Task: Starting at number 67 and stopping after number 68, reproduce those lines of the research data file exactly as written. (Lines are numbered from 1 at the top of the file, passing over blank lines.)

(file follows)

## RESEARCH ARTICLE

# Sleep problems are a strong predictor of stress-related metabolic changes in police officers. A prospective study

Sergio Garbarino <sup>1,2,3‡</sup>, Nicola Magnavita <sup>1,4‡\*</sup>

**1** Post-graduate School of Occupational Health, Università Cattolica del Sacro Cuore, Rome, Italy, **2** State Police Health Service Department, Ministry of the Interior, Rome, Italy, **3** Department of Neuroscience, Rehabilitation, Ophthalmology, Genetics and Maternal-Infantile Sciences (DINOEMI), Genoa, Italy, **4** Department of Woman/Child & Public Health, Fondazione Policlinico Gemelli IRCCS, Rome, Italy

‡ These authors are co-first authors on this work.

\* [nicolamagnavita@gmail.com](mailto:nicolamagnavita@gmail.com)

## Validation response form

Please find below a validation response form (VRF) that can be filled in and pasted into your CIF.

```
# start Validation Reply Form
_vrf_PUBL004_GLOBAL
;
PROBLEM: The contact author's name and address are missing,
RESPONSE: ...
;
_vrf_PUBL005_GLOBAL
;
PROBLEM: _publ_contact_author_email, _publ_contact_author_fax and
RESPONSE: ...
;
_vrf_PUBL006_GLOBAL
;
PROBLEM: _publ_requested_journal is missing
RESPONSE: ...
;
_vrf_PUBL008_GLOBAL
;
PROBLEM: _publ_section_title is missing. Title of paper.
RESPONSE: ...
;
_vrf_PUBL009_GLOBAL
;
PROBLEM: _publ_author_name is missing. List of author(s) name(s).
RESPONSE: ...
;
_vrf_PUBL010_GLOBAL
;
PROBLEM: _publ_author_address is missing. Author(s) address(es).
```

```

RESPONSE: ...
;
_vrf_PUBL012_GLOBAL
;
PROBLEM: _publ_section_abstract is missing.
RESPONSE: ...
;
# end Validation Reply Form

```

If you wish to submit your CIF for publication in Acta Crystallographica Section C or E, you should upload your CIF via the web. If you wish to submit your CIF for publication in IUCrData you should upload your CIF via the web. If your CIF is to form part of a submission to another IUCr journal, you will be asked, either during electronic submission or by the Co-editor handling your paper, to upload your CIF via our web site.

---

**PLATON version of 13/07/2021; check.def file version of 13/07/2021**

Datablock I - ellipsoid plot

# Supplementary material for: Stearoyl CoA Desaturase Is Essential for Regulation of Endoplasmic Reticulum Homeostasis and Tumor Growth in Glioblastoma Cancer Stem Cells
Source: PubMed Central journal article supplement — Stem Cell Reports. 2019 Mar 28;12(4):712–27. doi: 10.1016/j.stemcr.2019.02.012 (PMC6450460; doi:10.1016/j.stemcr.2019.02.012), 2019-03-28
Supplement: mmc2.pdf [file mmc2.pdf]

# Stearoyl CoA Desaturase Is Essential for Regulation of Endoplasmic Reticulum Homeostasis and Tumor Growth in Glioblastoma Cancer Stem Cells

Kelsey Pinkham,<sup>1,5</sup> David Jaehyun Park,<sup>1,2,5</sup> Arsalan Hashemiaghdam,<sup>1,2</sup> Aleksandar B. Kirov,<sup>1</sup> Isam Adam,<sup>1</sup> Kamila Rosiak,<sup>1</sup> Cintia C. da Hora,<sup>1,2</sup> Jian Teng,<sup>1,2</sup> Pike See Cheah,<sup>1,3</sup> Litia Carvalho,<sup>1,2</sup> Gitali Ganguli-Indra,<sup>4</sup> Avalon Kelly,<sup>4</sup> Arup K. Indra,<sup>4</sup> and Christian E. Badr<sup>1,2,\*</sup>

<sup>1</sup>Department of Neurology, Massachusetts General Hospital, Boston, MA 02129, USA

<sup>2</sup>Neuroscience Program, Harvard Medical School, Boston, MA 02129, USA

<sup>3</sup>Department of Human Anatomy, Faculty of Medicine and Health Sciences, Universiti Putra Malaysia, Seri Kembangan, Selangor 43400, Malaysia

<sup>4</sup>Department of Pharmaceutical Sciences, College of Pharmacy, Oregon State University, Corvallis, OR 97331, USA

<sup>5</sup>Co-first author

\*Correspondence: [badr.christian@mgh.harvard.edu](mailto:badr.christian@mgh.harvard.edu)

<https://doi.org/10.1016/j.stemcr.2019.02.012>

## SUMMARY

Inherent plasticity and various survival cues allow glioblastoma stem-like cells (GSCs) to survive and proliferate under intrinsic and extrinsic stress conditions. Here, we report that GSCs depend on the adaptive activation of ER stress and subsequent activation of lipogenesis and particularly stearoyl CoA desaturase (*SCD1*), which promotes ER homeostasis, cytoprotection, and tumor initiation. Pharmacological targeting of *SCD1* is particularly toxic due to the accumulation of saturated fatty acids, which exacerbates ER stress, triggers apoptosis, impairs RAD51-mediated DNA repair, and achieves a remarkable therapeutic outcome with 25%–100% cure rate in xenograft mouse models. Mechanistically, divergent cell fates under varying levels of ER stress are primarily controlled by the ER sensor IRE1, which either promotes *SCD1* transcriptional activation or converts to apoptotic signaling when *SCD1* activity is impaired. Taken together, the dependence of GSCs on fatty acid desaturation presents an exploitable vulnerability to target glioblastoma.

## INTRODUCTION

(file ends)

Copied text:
Inherent plasticity and various survival cues allow glioblastoma stem-like cells (GSCs) to survive and proliferate under intrinsic and extrinsic stress conditions. Here, we report that GSCs depend on the adaptive activation of ER stress and subsequent activation of lipogenesis and particularly stearoyl CoA desaturase (*SCD1*), which promotes ER homeostasis, cytoprotection, and tumor initiation. Pharmacological targeting of *SCD1* is particularly toxic due to the accumulation of saturated fatty acids, which exacerbates ER stress, triggers apoptosis, impairs RAD51-mediated DNA repair, and achieves a remarkable therapeutic outcome with 25%–100% cure rate in xenograft mouse models. Mechanistically, divergent cell fates under varying levels of ER stress are primarily controlled by the ER sensor IRE1, which either promotes *SCD1* transcriptional activation or converts to apoptotic signaling when *SCD1* activity is impaired. Taken together, the dependence of GSCs on fatty acid desaturation presents an exploitable vulnerability to target glioblastoma.

## INTRODUCTION